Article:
Far Right Sweeps In France, Spanish Treasure Found, Free Money

Far Right Sweeps In France, Spanish Treasure Found, Free Money


France’s National Front became the country’s “first party” Sunday, winning nearly 30% of the vote in the first round of regional elections held just three weeks after the Nov. 13 terrorist attacks. The nationalist party finished first in six of France’s 13 regions, with party leader Marine Le Pen getting 40.6% of the vote in the north, and her niece Marion Maréchal-Le Pen garnering about the same in the southeast, Le Figaro reports. A coalition of center-right parties, led by Nicolas Sarkozy’s Republicans finished second with 27%, which Le Monde characterized as a “slap in the face” to the former president. The ruling Socialist party (which also holds a majority of regions) finished third with 23% in an election that saw a low turnout of just 51%.

  • Under French regional election rules, all candidates with more than 10% are eligible for next Sunday’s second round of voting. Almost every region saw candidates from the three main parties qualify for the runoff. But Socialist candidates who came in third place in the north and southeast have retreated from the race, following party instructions, in a bid to “obstruct” the National Front and prevent it from winning. At least one candidate, in the eastern region, has refused to do so. Sarkozy, eager to distance himself both from the Socialists and the nationalists, ruled out such a move for his party’s candidates who finished third, sparking divisions inside his own ranks, Le Parisien reports.
  • See the ominous front page in the left-wing daily Libération.


“We cannot turn against one another by letting this fight be defined as a war between America and Islam,” U.S. President Barack Obama said yesterday in a rare Oval Office address aimed at calming “jittery Americans” days after what appears to have been an ISIS-inspired terrorist attack in San Bernardino, The New York Times reports. Urging people not to give in to fear, he pledged to further intensify airstrikes against ISIS in Syria and Iraq, and renewed calls for gun legislation.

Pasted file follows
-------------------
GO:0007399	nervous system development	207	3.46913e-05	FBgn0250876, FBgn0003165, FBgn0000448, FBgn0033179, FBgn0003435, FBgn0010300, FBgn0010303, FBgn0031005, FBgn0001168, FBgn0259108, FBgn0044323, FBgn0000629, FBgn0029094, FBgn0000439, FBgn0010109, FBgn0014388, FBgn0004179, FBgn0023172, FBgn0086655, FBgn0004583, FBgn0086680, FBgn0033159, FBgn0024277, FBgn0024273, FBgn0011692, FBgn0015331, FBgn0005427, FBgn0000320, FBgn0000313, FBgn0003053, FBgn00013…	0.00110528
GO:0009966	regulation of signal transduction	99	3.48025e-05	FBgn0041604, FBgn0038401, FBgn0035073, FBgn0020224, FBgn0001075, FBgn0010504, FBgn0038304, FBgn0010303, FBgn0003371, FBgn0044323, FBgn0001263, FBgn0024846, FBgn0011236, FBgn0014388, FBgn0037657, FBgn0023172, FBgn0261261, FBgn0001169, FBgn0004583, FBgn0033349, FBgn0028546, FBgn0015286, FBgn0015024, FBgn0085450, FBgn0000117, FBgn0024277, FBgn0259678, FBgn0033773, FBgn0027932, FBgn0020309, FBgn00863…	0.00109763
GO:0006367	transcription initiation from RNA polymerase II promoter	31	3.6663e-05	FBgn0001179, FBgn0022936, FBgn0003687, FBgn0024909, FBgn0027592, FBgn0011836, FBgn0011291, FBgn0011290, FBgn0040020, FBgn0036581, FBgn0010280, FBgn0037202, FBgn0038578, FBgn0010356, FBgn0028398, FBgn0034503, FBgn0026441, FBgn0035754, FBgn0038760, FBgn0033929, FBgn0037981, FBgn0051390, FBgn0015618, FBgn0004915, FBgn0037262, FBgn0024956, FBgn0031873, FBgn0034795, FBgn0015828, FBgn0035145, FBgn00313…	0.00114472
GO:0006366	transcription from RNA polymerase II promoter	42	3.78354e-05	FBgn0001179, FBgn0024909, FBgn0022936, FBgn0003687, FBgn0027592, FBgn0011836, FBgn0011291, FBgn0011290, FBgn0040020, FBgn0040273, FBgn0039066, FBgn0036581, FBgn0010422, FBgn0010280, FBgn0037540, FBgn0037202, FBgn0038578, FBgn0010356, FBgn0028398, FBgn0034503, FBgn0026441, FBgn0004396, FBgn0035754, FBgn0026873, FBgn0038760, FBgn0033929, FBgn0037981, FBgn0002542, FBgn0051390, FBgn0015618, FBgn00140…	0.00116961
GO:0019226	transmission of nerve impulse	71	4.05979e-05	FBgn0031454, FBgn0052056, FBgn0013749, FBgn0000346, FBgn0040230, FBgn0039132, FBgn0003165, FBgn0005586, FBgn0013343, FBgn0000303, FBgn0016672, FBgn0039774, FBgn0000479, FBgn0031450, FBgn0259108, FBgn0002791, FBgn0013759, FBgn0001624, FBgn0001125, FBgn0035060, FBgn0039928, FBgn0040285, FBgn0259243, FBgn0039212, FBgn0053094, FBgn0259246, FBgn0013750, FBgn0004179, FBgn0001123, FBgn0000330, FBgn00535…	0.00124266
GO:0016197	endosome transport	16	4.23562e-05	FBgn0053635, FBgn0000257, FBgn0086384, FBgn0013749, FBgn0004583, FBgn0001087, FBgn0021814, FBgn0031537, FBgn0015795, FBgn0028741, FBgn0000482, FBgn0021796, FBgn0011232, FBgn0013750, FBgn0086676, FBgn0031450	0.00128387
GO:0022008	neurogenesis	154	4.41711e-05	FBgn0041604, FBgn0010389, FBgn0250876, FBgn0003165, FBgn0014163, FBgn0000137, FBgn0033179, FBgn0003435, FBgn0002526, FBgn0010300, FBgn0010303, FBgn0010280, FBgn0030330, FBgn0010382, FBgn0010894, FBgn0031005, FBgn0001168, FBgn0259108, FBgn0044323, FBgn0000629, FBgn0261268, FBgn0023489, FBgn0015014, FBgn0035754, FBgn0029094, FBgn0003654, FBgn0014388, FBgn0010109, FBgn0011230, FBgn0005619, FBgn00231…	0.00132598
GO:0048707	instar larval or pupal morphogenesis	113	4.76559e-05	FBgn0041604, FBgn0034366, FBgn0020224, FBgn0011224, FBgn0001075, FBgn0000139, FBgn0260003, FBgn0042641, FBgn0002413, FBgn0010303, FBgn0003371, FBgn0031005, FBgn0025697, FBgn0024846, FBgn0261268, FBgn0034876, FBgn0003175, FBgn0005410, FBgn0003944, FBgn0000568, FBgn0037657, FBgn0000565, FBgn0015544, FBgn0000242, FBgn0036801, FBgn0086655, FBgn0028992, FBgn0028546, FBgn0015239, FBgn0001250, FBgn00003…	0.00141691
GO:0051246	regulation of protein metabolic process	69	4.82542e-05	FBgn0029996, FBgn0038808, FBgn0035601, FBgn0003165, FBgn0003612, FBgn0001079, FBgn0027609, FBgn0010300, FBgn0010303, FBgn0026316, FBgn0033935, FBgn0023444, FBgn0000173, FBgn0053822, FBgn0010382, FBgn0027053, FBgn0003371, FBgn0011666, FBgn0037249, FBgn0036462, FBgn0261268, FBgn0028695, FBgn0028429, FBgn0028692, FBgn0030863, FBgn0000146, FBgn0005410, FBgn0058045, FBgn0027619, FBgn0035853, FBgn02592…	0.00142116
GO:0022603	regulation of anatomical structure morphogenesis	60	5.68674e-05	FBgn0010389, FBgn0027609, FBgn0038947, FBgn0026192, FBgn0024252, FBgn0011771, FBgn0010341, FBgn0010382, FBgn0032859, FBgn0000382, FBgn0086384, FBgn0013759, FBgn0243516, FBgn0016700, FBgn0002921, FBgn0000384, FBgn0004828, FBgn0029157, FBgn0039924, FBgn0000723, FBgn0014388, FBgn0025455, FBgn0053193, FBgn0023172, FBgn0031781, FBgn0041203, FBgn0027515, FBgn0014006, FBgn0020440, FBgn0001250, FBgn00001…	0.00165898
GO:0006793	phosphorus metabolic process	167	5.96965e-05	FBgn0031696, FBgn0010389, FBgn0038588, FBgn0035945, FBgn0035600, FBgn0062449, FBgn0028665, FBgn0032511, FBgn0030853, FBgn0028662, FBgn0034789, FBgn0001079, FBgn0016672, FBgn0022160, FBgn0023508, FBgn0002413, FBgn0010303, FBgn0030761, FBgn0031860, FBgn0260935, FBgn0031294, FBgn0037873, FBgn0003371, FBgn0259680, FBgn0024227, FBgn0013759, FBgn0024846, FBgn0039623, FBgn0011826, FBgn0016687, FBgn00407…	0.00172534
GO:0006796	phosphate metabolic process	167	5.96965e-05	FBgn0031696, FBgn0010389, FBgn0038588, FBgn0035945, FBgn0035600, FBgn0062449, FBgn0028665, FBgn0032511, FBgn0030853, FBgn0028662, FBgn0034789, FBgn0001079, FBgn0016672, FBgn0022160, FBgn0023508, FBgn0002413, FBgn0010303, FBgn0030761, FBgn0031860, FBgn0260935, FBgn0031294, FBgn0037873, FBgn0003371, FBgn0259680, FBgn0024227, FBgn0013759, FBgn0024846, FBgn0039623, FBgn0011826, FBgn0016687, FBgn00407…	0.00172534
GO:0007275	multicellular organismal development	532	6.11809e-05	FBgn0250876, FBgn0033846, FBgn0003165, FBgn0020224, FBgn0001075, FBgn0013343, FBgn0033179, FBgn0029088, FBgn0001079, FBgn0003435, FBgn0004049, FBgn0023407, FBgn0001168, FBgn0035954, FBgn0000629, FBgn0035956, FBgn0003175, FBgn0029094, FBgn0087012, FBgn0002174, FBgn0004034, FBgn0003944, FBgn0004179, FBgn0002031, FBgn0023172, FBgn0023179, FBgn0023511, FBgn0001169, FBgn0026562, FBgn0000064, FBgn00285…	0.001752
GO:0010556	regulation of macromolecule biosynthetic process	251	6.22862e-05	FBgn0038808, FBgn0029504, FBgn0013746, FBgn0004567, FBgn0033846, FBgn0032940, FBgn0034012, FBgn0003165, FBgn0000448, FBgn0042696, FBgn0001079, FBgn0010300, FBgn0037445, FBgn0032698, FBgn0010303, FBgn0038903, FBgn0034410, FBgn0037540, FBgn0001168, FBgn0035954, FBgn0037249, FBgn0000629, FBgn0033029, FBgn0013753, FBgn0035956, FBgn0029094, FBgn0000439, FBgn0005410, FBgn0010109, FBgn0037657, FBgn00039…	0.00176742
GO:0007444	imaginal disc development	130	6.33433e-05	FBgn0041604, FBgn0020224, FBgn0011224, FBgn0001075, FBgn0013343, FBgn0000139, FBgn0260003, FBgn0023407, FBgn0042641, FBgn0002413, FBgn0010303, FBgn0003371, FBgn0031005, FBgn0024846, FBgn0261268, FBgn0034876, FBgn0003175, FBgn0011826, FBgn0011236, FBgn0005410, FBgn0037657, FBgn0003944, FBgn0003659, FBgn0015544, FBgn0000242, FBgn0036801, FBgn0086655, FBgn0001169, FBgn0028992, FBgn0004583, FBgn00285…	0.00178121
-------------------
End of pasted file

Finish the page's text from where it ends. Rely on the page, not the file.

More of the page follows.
The ruling Socialist party of Venezuelan President Nicólas Maduro has suffered its first parliamentary defeat in 16 years at the hands of the country’s opposition parties. In a televised address, Maduro recognized his party’s defeat and even hailed a “perfect democratic system” before saying that “the economic war has triumphed,” as inflation continues to skyrocket. Read more in English from Reuters. Read more about it on Le Blog.


The attack on Pearl Harbor was 74 years ago today. That, and more, in your 57-second shot of history.


A storm of rare intensity has left 60,000 homes in northern England without electricity amid floods after more than a month’s worth of rain fell in 24 hours, The Guardian reports. The floods cause at least one death, a 90-year-old man.


Photo: Xu Jinquan/Xinhua/ZUMA

Santa Claus is coming to town â€" or at least to Montreux, Switzerland. The flying sleigh and reindeer are part of the Christmas market animations near Lake Geneva.


As part of our Green Or Gone series, Les Echos’ Joël Cossardeaux looks at how Hungary, a country known for its reliance on coal, uses biomass, or organic fuel: “The energy supplies Hungary’s national power network as well as the 1950s-era heating network in Pécs, a fast-growing city that is now the country’s fifth largest, with an estimated population of 155,000. The plant’s total reliance on biomass is all the more impressive given that, overall, green energy represents just 13% of total electricity output in Hungary, where for decades ‘all things coal,’ long extracted in the hills of the Mecsek, along Pécs, and ‘all things gas’ reigned supreme.”

Read the full article, Scaling Biomass, An Energy Revolution Takes Root In Hungary.


Colombian officials said Saturday they had found the shipwreck of the San Jose, a Spanish galleon that sank 307 years ago and became a holy grail for treasure hunters. The gold, silver and gems it contains are worth an estimated loot of $2 billion, with President Juan Manuel Santos calling it the “most valuable treasure that has been found in the history of humanity.”



FBI investigators are investigating FIFA President Sepp Blatter’s role in a bribe scandal involving as much as $100 million that saw officials at the soccer governing body being paid by a sports marketing company in exchange for television and marketing rights, the BBC reports. Blatter has denied all knowledge of the bribes, but a leaked FBI letter suggests investigators believe he lied.


A majority of people in Finland support the idea of their government scrapping all social benefits in exchange for a basic national income of $870 per month, which could soon become reality.

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How Thailand's Lèse-Majesté Law Is Used To Stifle All Protest

Once meant to protect the royal family, the century-old law has become a tool for the military-led government in Bangkok to stamp out all dissent. A new report outlines the abuses.

Pro-Democracy protest at The Criminal Court in Bangkok, Thailand